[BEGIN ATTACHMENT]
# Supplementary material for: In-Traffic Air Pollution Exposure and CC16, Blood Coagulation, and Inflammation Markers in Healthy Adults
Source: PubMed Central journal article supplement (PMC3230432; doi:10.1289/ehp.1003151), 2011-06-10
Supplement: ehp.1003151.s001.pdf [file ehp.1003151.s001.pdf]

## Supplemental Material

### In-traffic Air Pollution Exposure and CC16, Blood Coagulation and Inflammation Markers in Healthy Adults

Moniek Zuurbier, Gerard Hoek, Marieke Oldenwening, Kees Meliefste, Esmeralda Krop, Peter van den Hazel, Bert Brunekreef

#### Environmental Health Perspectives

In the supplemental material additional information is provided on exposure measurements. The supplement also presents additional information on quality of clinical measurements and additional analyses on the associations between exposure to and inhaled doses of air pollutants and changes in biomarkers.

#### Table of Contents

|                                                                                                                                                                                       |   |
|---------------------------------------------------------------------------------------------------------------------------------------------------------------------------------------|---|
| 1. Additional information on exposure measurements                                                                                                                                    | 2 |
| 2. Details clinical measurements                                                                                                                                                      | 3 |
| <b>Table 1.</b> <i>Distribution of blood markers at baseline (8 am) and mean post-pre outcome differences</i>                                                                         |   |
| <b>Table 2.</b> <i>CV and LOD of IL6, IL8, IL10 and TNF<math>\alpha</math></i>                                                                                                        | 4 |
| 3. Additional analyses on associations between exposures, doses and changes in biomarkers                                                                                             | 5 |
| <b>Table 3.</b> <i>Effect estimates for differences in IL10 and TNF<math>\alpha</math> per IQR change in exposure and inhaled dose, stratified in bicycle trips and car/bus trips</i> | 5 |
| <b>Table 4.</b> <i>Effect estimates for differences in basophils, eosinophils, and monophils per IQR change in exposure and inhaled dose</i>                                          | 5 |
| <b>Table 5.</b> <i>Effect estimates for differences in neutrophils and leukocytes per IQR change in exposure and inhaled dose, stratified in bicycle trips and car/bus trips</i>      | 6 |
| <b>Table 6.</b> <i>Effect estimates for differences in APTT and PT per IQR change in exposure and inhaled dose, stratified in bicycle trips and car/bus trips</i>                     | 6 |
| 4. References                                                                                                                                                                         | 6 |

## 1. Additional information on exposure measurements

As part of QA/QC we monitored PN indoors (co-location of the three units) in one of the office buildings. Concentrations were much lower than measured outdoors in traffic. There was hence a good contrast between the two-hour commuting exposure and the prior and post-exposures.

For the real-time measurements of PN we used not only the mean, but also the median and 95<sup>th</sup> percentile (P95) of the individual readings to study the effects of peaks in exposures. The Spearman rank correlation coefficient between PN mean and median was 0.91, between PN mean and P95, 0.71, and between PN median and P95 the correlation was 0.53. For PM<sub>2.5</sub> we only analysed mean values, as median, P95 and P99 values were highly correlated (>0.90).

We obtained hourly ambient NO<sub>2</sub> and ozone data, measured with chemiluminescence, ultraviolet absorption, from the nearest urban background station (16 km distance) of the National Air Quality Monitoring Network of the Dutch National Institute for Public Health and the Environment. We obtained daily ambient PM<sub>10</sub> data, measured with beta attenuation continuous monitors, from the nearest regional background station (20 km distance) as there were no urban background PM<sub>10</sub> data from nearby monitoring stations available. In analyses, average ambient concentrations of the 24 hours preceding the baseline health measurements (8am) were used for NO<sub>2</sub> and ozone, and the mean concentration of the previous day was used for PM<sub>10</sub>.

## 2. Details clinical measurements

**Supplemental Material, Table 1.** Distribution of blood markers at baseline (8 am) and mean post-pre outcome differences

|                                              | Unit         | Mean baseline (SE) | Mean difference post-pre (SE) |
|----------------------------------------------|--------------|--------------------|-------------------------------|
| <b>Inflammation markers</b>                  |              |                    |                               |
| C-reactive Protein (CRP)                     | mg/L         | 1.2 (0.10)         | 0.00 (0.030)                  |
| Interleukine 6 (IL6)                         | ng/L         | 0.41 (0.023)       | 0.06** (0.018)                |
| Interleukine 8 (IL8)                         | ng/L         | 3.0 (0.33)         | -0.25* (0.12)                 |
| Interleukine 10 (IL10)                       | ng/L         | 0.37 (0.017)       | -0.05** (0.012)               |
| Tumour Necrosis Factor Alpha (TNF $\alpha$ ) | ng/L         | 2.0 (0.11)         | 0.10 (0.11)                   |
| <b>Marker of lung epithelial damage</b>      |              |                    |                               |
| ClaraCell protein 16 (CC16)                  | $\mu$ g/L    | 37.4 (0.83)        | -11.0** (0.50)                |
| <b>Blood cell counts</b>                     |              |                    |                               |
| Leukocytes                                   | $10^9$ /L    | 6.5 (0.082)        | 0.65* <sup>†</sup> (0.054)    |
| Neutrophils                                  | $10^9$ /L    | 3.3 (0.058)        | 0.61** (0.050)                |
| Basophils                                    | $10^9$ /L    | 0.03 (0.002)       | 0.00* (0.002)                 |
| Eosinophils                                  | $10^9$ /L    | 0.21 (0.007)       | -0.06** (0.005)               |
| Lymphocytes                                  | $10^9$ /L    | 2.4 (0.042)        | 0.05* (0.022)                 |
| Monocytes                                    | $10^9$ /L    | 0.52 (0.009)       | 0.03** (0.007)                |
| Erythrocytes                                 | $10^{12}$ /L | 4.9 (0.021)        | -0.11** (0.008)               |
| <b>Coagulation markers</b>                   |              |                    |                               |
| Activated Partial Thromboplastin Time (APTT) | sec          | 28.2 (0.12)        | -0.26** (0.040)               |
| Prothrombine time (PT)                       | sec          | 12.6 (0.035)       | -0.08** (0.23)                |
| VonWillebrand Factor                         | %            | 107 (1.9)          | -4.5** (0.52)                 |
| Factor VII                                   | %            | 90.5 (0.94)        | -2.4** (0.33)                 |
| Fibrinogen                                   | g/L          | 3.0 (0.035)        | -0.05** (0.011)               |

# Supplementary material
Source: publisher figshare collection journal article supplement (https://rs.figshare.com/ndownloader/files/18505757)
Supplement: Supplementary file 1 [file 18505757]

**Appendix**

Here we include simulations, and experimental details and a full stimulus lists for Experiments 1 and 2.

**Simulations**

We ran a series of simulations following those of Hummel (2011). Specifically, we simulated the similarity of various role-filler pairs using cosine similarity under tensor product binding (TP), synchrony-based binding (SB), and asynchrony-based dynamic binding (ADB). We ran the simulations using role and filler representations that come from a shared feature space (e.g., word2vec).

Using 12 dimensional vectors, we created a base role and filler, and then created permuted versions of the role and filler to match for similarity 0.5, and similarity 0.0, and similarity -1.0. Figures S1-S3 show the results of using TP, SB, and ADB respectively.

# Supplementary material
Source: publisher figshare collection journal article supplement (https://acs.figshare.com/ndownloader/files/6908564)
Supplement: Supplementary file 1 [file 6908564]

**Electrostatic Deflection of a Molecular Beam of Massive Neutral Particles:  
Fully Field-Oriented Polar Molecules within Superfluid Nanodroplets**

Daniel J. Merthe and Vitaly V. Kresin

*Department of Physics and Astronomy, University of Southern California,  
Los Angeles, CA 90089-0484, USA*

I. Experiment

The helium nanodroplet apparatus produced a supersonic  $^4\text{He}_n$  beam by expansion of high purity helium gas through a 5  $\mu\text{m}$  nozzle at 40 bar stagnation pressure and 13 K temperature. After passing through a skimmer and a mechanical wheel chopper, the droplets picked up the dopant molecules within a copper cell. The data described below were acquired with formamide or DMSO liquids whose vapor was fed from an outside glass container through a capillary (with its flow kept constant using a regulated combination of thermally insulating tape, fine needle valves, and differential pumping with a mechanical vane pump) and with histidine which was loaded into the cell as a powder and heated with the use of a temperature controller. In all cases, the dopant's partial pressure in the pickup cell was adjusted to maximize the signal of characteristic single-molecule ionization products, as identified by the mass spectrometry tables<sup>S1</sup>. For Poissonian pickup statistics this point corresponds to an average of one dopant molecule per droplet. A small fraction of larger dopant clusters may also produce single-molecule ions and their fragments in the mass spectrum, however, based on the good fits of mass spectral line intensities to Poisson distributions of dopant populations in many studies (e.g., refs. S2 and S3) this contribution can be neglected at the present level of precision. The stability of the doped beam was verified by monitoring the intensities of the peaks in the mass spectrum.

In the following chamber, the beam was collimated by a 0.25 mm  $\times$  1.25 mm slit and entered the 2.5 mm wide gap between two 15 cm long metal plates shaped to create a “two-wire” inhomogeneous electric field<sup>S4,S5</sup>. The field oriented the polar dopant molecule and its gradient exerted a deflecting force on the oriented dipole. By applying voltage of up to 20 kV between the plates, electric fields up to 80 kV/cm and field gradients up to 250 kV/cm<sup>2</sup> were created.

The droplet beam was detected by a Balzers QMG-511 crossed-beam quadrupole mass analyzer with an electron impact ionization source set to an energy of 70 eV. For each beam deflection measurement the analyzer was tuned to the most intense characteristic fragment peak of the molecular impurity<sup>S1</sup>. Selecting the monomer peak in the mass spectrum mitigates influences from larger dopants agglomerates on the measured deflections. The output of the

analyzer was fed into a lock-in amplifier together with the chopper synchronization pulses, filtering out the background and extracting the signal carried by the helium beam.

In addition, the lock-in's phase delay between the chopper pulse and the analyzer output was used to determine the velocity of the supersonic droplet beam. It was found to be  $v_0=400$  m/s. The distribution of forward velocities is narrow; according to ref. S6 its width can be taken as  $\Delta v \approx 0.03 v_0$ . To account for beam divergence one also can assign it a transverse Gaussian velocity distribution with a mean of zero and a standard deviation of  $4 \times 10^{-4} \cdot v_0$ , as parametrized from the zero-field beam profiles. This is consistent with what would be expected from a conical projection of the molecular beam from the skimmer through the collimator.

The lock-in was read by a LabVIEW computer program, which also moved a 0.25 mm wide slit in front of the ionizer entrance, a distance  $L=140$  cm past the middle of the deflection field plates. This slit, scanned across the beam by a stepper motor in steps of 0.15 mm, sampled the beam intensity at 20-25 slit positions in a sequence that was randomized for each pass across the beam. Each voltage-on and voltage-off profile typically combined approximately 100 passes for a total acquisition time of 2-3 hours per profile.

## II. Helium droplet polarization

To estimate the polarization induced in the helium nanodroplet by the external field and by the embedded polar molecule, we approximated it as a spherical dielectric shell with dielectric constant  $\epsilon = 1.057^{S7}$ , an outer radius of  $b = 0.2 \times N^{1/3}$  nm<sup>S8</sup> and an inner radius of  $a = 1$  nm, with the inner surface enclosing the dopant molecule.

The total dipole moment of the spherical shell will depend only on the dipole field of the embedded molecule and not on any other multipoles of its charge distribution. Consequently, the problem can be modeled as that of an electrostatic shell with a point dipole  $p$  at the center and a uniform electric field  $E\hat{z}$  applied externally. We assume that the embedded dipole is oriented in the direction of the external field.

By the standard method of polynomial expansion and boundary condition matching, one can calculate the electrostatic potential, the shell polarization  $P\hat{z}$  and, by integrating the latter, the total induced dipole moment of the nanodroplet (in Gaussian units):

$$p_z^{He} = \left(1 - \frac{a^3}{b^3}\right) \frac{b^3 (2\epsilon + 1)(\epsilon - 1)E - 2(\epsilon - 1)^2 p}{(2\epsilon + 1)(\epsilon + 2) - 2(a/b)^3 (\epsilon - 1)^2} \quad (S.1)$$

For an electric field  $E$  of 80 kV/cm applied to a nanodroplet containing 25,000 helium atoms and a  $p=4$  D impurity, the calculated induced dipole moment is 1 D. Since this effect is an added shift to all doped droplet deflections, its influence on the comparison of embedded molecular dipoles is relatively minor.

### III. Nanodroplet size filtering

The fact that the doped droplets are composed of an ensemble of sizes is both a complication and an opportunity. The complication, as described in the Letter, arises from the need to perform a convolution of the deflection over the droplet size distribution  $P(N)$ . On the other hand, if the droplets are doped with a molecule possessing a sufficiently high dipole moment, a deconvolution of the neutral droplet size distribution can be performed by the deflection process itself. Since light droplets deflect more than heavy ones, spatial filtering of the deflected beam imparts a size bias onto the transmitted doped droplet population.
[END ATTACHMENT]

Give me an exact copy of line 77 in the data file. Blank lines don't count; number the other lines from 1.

The total dipole moment of the spherical shell will depend only on the dipole field of the embedded molecule and not on any other multipoles of its charge distribution. Consequently, the problem can be modeled as that of an electrostatic shell with a point dipole  $p$  at the center and a uniform electric field  $E\hat{z}$  applied externally. We assume that the embedded dipole is oriented in the direction of the external field.